Thursday, 8 March 2012

Woodlands - the forgotten wetlands




A walk around my local Broxbourne Woods was rewarded with a now irregular sighting of a Hawfinch, once a frequent bird in these parts. There has been a steep decline in many woodland birds over recent years – Lesser Spotted Woodpecker, Willow Tit and Hawfinch all come to mind. However, this decline is not ‘across the board', with some of the more generalist species doing well. Some of the declines have been linked to changes in woodland structure, but in the case of the Hawfinch, the reasons for the decline are still unclear. There has been a 78% decline in the breeding distribution of the Hawfinch between 1970 and 2010 (although there have been some gains in winter distribution). A large number of hypotheses have been put forward to explain this decline, and they include the impact of increasing deer populations, woodland management practices, and of course, the impact of predators.   Hawfinches are mainly associated with extensive areas of mixed broad-leaved woodland, with mature trees, and with an open understorey. There are hints that they prefer woodlands with wet features and that they have disappeared from sites with high densities of Grey Squirrels. Jays are also suspected to be a major nest predator yet evidence remains anecdotal.

The link with wet features is interesting as the importance of wetness in woodlands is surely undervalued. Visit many woodlands and you will see a network of ditches alongside the rides. Many of these were put in to drain water off the site and allow easier removal of timber. Take Wolves Wood in Essex as an example. The ‘old boys’ will tell you that visiting in spring was a nightmare; flooded paths and mosquitoes everywhere. Well, times have changed. Everywhere is drier, yet many of these woodland ditches still drain away winter rainfall. Flooded paths and mosquitoes are a thing of the past. With many woodland birds declining, the loss of Nightingales, Song Thrush and Willow Warblers from some areas could well be the result of reduced invertebrate food as a result of drier conditions. At Wolves Wood, recent work has been undertaken to block up all the ditches as they leave the woodland and extra internal bunds have been constructed to hold water back in the ditches and ponds. The aim is to try and retain winter rainfall and make the site wetter again. We wait to see if the birds and mosquitoes respond.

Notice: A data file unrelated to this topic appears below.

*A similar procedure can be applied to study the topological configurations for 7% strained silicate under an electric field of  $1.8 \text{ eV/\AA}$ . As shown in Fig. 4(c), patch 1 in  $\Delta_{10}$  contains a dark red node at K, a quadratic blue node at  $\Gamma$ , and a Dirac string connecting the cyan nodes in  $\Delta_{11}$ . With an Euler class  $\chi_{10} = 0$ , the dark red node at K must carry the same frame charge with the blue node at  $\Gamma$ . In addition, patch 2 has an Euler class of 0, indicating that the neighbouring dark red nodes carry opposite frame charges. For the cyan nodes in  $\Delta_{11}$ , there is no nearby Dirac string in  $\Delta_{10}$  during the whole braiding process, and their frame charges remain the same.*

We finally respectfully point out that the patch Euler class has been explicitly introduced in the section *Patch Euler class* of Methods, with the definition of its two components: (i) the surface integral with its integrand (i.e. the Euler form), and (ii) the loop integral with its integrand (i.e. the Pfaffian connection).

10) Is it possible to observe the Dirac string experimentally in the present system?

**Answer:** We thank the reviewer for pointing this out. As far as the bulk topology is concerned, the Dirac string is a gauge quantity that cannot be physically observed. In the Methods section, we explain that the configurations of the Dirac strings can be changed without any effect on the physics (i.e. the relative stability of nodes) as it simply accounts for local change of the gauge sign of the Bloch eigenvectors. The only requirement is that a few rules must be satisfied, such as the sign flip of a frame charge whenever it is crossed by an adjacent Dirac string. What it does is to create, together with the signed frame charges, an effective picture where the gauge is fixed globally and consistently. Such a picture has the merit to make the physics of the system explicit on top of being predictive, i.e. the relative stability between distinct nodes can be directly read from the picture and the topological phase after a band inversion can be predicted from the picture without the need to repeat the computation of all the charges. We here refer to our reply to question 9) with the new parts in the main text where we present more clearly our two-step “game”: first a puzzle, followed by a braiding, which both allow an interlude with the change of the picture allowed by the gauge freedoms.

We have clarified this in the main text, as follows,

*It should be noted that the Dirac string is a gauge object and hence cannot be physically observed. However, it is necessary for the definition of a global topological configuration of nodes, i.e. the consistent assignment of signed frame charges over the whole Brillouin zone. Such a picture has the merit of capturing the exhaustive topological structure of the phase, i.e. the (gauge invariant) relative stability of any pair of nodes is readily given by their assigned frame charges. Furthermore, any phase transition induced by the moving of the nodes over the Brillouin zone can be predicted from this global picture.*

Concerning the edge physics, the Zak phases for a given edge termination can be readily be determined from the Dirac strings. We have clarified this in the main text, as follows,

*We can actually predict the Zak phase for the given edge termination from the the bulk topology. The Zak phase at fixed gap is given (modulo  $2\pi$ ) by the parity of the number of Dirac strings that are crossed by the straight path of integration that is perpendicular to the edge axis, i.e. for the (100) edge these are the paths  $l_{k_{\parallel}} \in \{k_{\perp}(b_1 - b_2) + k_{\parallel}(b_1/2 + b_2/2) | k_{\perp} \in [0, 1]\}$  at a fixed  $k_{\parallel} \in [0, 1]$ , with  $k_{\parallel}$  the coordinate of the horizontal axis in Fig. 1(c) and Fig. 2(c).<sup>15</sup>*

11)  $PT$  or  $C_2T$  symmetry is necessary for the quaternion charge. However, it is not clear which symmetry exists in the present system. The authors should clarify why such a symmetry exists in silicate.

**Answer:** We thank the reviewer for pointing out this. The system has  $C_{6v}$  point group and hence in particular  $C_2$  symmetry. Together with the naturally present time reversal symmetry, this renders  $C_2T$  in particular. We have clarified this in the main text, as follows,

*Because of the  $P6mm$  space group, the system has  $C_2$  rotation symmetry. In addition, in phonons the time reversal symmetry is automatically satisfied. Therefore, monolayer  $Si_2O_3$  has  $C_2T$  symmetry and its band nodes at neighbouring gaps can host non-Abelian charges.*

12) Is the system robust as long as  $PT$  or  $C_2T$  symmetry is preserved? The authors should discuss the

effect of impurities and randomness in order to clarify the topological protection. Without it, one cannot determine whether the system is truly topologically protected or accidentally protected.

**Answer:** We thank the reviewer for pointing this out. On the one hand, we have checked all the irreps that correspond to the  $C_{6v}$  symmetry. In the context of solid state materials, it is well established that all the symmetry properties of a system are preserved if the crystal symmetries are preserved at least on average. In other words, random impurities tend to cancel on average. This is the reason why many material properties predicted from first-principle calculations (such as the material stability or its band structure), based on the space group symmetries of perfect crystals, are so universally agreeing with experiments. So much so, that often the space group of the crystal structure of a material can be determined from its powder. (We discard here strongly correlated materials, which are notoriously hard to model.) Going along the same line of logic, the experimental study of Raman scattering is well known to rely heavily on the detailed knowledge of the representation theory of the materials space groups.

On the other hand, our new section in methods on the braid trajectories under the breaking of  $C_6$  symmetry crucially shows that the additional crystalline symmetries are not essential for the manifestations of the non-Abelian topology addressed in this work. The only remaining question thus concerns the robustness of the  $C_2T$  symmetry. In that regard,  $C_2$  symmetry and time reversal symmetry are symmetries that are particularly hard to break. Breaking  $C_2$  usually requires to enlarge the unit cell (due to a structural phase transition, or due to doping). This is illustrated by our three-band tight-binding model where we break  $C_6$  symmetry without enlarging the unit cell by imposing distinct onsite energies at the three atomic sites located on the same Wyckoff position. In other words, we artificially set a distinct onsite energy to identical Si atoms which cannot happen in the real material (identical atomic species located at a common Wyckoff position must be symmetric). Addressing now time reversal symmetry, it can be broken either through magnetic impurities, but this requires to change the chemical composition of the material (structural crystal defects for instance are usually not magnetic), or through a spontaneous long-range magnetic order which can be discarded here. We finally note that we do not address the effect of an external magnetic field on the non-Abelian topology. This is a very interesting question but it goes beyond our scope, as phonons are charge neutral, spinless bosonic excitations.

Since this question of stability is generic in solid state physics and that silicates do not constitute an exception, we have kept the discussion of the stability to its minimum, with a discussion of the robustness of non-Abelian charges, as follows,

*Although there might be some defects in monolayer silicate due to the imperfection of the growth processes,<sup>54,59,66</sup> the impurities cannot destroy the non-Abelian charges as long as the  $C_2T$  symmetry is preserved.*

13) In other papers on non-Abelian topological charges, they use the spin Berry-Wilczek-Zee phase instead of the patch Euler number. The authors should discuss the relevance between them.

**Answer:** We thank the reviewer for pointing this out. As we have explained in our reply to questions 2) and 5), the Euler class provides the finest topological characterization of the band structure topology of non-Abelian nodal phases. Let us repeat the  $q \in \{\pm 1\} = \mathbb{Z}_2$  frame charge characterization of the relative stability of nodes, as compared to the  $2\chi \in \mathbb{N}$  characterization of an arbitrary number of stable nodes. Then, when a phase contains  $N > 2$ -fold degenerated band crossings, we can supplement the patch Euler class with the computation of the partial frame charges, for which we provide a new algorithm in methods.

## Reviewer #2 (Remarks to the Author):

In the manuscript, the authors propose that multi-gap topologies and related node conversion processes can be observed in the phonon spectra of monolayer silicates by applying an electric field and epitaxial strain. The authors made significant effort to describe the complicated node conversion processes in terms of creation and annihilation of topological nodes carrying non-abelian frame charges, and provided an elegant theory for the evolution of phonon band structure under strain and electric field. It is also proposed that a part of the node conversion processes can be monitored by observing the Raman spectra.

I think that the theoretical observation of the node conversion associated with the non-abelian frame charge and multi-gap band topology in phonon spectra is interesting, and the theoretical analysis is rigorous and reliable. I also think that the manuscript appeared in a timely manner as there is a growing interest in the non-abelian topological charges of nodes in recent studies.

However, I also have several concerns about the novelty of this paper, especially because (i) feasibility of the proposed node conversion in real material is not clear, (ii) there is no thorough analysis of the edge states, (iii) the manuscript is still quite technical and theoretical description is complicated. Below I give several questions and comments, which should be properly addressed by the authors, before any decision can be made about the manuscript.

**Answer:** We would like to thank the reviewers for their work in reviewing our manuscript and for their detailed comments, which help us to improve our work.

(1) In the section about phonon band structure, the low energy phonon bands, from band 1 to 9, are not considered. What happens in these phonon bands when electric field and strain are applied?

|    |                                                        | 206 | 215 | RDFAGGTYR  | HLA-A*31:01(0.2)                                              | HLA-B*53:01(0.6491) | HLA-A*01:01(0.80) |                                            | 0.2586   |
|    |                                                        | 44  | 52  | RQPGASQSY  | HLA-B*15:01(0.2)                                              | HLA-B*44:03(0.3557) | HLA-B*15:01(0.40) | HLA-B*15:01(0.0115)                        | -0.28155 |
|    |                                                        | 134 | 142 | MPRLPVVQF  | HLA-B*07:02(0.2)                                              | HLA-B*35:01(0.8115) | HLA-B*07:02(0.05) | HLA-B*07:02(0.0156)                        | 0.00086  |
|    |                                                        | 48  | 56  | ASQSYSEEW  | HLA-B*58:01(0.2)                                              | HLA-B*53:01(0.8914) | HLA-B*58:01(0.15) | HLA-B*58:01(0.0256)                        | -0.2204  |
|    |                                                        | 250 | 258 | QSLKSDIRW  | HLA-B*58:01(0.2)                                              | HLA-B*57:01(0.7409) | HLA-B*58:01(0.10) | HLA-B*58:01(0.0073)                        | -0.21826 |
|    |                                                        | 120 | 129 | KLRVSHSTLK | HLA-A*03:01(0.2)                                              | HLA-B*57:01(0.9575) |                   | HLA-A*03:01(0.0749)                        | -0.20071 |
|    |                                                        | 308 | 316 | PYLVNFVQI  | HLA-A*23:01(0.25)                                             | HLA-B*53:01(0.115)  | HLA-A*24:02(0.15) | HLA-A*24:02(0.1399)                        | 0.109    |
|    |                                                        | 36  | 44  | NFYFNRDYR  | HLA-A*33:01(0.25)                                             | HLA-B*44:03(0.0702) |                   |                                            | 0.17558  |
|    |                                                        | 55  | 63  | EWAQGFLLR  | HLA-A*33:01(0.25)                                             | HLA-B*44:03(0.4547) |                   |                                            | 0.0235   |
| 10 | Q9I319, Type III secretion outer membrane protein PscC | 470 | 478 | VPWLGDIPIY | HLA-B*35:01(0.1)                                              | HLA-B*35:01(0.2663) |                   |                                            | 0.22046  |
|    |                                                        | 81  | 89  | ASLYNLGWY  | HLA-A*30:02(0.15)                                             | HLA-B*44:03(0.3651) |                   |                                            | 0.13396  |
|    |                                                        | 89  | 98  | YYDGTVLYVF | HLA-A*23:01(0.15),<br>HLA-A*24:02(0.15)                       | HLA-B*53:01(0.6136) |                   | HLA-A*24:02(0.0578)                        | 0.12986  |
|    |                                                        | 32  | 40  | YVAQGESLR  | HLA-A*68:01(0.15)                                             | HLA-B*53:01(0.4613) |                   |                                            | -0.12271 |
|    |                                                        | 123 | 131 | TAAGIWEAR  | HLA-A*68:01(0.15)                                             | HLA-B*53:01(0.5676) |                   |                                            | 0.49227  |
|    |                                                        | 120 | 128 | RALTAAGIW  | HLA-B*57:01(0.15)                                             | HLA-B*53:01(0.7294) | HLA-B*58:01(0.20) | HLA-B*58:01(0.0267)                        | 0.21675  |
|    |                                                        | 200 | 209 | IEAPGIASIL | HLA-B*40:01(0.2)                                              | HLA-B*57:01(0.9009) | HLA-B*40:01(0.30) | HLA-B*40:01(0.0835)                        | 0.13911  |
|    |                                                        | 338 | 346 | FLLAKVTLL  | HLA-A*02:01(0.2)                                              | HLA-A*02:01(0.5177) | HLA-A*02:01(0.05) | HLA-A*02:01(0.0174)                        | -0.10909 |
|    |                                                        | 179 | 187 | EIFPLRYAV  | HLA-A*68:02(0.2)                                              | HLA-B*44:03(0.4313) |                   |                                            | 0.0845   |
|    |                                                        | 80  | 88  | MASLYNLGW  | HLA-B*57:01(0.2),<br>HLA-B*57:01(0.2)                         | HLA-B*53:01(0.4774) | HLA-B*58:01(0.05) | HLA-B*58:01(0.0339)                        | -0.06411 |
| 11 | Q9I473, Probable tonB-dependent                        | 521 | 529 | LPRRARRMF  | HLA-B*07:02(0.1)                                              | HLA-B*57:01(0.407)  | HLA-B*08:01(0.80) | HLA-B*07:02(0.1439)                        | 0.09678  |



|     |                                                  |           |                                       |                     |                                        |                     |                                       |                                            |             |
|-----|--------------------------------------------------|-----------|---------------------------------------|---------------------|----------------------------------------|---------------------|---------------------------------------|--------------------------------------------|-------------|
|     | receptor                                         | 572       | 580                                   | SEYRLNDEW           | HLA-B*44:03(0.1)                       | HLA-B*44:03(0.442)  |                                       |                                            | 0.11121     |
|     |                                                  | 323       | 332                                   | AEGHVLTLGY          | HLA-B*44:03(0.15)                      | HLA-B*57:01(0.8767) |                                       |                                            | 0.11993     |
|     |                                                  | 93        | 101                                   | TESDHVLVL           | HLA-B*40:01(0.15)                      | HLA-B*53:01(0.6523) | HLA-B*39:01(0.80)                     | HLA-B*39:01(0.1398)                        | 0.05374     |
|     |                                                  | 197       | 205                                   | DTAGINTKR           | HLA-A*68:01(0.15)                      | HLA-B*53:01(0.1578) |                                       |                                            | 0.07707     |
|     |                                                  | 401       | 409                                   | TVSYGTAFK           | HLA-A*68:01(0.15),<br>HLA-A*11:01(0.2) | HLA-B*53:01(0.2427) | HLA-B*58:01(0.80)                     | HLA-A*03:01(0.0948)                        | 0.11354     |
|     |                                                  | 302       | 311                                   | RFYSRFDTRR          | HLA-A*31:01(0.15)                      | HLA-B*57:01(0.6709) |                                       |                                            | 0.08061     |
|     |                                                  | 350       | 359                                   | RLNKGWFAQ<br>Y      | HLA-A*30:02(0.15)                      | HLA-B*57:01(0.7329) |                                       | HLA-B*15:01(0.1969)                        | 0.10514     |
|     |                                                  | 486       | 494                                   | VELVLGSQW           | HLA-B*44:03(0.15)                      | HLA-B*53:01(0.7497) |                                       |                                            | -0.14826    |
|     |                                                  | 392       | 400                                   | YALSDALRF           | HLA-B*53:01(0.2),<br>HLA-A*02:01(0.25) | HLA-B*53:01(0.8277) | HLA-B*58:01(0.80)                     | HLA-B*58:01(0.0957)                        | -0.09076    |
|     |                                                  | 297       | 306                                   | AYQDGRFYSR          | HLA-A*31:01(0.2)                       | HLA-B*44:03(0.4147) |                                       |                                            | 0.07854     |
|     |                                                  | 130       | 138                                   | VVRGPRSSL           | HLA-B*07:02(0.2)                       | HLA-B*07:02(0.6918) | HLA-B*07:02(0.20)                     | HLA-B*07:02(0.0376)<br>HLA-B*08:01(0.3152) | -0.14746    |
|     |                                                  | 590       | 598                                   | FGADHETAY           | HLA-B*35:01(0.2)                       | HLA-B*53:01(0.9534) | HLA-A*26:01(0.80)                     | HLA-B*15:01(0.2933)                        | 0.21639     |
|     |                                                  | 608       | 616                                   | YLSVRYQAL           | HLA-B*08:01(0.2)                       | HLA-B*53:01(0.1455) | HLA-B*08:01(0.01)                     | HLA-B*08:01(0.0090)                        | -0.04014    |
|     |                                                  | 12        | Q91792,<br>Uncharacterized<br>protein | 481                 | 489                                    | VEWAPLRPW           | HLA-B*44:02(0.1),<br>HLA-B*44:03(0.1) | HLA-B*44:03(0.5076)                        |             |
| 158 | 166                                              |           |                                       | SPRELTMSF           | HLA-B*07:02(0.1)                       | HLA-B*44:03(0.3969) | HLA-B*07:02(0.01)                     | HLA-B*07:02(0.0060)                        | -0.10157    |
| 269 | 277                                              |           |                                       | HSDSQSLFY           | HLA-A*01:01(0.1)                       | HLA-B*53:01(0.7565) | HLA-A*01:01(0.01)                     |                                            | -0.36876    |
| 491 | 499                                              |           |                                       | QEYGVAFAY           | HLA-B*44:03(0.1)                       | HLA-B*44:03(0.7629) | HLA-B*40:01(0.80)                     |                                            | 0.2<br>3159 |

3 comments:

laurence.d said...

Good sighting ,as far as I'm aware the only one this winter from Danemead.

Laurence

Grumpy Ecologist said...

Yes, thanks Laurence, that rather says it all. I've visited all the old 'hot spots' this winter with just this one sighting.

naturestimeline said...

That does look a truly beautiful place and as I live on the edge of woodland, I can appreciate these habitats even more. Woodlands and Farmland badly need the investment, which the Wetlands have received in the past.

Keep up the good posts.

Kind Regards

Tony Powell